Time to unlock Britain’s cities

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TODAY’S landmark report on empowering the UK’s great cities has, in some respects, been overtaken by recent political events – and, in particular, George Osborne’s welcome desire to transform the North into an “economic powerhouse”.

TODAY’S landmark report on empowering the UK’s great cities has, in some respects, been overtaken by recent political events – and, in particular, George Osborne’s welcome desire to transform the North into an “economic powerhouse”.

To his credit, the Chancellor has already embraced many of the principles set out by the RSA City Growth Commission. But there is a catch – the mood music was very similar after Lord Heseltine’s own report on regenerating the North and Mr Osborne proved to be extremely reluctant to release the Treasury’s tight grip on the nation’s financial purse strings.

The context to today’s report, however, is very different – the main political parties are all under even greater pressure to act following the recent referendum vote on Scottish independence and the whole nation will be a projected £79bn better off if the concept of “devo met” takes off in the English regions.

Yet the innovative ideas set out by the economist Jim O’Neill do still have to pass two significant hurdles. First, his ambition needs to be reciprocated by Mr Osborne in the Autumn Statement and there needs to be an acceptance on the part of Whitehall policy-makers that the North’s future is just as important as Holyrood’s new devolution settlement.

Second, it is up to town hall leaders in specific areas, like West Yorkshire, to demonstrate they can work together for the region’s greater good. The jury is still out on this. And there’s also the related issue of scrutiny. If the newly-created bodies tasked with delivering a new era of prosperity to the regions are to be entrusted with unprecedented sums of public money, those responsible for taking such decisions still need to be held publicly accountable for their decisions – there must not, for example be any repeat of the Digital Region financial fiasco which began on Yorkshire Forward’s watch.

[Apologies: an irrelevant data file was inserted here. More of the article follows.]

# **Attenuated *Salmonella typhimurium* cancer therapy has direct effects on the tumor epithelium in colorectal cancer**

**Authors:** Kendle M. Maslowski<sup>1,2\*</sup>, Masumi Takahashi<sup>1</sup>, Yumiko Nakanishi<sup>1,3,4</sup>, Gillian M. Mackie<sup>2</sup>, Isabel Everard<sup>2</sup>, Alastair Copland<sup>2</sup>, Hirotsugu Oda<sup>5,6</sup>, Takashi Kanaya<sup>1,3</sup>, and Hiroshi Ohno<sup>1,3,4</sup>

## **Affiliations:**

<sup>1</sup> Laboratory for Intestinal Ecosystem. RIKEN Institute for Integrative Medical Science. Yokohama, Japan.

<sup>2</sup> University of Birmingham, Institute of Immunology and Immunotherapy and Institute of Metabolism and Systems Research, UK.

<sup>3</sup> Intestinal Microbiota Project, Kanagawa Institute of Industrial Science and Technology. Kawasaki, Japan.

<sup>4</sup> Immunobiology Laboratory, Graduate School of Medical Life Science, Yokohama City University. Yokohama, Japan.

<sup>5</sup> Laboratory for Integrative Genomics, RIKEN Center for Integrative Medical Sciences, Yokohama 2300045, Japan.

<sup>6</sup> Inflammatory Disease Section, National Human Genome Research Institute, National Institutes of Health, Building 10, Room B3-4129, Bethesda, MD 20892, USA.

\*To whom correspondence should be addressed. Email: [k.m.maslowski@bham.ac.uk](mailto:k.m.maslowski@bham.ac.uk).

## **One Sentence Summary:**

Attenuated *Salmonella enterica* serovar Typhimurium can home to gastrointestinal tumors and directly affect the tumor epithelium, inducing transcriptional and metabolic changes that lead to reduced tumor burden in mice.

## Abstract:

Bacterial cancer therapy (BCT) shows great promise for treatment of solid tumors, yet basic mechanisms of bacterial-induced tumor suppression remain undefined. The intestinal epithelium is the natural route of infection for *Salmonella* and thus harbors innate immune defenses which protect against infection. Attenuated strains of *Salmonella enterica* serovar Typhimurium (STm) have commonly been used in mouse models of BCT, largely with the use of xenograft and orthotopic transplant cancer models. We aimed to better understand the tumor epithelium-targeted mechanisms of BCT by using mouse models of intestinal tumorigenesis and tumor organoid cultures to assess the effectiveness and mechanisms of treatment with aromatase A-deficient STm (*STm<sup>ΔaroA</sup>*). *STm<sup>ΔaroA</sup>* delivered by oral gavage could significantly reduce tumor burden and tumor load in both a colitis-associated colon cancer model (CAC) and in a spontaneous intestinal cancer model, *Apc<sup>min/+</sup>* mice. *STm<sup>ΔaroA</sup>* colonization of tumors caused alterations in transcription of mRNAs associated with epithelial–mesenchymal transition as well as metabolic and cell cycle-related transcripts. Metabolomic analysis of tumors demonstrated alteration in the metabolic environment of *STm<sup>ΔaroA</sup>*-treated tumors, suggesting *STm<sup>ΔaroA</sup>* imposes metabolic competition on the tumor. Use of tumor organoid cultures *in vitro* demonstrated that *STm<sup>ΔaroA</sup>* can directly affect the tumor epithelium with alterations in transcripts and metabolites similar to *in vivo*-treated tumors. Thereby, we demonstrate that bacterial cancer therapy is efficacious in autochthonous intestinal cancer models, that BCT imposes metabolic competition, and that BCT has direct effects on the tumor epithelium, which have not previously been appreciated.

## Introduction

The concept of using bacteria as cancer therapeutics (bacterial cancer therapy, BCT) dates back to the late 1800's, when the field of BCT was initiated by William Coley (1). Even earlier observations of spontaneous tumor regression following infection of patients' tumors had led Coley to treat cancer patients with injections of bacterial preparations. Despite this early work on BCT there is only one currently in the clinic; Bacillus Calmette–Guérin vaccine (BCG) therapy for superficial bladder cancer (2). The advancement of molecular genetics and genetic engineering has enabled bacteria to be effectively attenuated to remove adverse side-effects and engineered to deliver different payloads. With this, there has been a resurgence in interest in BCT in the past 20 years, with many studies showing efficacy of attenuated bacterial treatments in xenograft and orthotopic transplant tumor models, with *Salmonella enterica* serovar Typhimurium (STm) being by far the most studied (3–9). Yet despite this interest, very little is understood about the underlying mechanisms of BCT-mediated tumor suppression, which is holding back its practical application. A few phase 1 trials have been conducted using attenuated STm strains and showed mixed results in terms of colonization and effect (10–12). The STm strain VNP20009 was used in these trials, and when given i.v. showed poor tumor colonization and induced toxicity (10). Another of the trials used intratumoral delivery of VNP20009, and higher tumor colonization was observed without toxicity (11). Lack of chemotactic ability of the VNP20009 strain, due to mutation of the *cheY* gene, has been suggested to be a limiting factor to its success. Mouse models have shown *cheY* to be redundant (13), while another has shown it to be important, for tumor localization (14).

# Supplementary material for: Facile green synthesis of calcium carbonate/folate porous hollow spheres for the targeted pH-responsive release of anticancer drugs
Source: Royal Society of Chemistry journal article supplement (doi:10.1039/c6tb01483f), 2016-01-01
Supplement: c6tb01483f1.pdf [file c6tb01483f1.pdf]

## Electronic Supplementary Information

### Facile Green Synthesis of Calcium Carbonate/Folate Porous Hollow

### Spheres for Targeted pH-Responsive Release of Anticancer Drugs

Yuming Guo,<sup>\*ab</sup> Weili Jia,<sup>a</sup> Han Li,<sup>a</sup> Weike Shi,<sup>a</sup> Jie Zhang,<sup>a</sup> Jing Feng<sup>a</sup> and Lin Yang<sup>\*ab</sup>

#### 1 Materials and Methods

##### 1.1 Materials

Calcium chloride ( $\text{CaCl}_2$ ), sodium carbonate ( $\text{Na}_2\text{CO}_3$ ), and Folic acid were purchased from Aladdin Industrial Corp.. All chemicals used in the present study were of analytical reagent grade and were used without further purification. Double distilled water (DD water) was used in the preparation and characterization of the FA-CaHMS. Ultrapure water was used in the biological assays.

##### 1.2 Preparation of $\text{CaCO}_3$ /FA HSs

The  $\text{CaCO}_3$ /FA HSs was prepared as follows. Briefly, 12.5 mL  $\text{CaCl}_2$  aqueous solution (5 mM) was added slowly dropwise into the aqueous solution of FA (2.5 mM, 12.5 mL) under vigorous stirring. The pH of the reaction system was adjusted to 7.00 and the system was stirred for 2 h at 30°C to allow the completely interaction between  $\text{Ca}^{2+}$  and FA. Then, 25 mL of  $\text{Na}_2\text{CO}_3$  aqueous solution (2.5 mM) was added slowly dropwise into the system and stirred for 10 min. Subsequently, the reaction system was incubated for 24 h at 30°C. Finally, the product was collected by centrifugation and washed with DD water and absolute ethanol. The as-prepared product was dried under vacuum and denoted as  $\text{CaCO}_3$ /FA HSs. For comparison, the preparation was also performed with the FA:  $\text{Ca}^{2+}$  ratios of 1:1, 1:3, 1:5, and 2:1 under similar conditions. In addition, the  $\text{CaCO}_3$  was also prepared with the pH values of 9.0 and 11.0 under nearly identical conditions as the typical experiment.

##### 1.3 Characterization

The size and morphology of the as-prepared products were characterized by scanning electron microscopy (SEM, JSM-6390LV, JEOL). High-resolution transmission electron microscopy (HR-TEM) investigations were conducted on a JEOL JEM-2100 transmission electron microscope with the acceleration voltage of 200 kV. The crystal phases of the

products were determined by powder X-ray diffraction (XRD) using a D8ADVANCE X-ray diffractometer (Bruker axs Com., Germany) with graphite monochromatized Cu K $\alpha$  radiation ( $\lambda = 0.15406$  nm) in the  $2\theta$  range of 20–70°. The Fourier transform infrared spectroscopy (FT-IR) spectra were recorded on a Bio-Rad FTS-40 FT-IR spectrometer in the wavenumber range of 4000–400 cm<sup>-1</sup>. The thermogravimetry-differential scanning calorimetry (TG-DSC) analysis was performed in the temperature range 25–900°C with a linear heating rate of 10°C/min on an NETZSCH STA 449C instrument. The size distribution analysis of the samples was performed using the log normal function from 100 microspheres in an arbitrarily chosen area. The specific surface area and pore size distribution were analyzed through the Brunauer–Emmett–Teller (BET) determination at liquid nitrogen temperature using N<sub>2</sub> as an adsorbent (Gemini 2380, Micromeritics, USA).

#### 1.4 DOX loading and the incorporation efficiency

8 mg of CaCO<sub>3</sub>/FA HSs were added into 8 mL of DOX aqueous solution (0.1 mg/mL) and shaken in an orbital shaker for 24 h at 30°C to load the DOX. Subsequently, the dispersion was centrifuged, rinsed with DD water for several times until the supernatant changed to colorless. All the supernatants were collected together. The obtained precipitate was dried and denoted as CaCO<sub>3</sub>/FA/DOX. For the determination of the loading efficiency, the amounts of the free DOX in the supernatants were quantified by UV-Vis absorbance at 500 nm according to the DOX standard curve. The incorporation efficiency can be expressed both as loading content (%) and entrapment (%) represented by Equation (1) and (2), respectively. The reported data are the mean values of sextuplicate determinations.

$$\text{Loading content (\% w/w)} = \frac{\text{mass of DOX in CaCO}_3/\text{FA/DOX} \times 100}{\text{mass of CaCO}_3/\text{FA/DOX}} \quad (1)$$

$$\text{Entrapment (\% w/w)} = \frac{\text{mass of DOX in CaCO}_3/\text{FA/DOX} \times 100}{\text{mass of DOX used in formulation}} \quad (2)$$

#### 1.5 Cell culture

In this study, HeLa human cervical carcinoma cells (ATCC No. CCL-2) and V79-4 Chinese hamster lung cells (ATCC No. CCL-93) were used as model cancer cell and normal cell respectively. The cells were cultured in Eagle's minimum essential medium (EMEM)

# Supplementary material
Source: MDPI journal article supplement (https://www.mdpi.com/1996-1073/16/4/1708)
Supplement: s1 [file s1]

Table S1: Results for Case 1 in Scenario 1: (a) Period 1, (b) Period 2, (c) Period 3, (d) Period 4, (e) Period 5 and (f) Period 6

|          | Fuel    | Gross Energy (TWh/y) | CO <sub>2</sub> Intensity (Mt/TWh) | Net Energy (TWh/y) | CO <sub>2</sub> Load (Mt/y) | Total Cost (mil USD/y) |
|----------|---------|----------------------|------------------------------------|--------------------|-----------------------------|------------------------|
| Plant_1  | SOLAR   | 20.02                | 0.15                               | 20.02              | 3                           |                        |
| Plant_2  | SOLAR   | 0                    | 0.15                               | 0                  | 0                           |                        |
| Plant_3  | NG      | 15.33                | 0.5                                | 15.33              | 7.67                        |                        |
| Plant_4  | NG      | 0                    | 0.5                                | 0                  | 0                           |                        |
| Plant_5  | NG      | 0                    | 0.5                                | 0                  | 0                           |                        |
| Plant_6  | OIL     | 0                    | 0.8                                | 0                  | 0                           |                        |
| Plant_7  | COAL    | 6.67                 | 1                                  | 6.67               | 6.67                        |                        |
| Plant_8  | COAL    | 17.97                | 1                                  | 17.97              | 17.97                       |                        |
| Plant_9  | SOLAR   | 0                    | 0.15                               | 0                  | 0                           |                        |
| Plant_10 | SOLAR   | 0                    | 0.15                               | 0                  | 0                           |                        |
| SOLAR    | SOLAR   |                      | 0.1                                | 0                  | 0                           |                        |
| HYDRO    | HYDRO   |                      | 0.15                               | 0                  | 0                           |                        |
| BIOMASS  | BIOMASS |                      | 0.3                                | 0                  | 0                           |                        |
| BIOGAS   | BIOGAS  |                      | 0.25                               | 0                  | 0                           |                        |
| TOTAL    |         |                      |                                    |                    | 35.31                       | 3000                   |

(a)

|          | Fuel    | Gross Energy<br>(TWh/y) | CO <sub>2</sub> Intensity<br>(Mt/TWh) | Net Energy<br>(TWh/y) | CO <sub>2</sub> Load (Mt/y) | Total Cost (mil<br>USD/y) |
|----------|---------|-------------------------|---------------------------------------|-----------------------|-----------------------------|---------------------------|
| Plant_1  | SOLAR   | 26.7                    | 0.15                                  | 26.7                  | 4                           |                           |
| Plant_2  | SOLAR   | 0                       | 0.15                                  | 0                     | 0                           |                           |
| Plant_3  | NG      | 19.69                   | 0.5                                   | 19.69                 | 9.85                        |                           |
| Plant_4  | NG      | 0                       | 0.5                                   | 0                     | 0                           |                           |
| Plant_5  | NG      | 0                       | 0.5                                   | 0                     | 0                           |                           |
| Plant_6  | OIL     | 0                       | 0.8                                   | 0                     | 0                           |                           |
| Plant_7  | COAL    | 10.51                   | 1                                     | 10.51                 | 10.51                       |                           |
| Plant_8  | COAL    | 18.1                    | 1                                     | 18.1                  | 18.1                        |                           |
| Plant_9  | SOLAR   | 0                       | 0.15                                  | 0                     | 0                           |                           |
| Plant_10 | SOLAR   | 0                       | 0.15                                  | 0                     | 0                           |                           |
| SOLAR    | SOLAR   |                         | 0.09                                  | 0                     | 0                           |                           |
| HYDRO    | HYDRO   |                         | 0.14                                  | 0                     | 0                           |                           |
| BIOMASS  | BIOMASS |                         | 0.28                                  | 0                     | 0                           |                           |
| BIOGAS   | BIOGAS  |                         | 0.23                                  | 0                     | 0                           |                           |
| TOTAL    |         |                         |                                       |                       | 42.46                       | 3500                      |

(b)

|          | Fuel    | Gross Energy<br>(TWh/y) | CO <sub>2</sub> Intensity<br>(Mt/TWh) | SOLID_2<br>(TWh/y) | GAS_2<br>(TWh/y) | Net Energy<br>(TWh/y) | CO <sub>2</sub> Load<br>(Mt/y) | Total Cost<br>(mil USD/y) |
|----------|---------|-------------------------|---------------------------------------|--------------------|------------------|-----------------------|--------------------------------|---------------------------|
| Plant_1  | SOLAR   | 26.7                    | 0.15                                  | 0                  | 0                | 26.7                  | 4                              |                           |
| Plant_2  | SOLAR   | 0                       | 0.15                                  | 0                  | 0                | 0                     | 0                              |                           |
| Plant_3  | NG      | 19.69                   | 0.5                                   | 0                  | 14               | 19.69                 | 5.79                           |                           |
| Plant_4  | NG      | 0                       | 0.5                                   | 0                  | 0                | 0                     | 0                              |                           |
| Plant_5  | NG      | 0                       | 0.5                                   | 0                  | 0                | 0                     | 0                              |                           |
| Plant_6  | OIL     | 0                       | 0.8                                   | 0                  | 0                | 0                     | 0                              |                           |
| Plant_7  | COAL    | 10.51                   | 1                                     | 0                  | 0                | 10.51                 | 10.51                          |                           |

Parenting poser

Why education begins at home

IT DOESN’T take a genius reading between the lines to realise that literacy levels in Yorkshire lag behind the rest of Britain. This has been self-evident for years and 12 per cent of seven year-olds in the county now struggle with basic reading and writing.

There is a depressing familiarity to this statistic which becomes even more perturbing when placed in wider context. It equates to 7,480 children, more than the average attendance at a Doncaster Rovers home match. History also shows that it is difficult for youngsters to catch up once their academic work starts to slip.

Why does Yorkshire remain rooted at the bottom of the class? Until this question is reconciled, it will be difficult to reverse this trend. That said, the role of teachers and parents will be critical moving forward. Youngsters, and particularly those struggling from an early age, will require extensive tuition – and from teachers who are prepared to be creative when it comes to firing the imagination of their pupils? Perhaps reading material needs to become more relevant.

Yet, as the Social Mobility and Child Poverty Commission concluded this week, what hope is there for youngsters in those areas where “bad parenting” is rife? It is no coincidence that the greatest number of broken homes happens to be concentrated in the poorest-performing LEAs.

Until this cycle is broken, and all parents recognise that the education of their children is priceless and does, in fact, begin at home, a significant number of youngsters will be destined for a lifetime on minimum wage jobs before they even begin secondary school.

That cannot be right – or acceptable.

Recycling rules

Councils should keep it simple

AS HAS become the norm, it is the Parliamentary select committees – rather than the Whitehall ministries or those backbenchers in the pocket of party whips – who are working overtime to restore the reputation of politicians and today’s report on recycling is no exception.

Once again, the Environment, Food and Rural Affairs Committee – headed by Thirsk and Malton MP Anne McIntosh – cuts straight to the chase and asks why more households are not doing more to embrace recycling when councils up and down Britain have been tasked with reducing levels of waste?

It’s a fair question. And, regrettably, the response is a predictable one – the public sector, both locally and nationally, continues to do its utmost to impose a bewildering array of rules and regulations that are offputting to some when they should be focusing their efforts on keeping it simple so more people recycle on a regular basis. This is not revolutionary – it’s just plain common sense.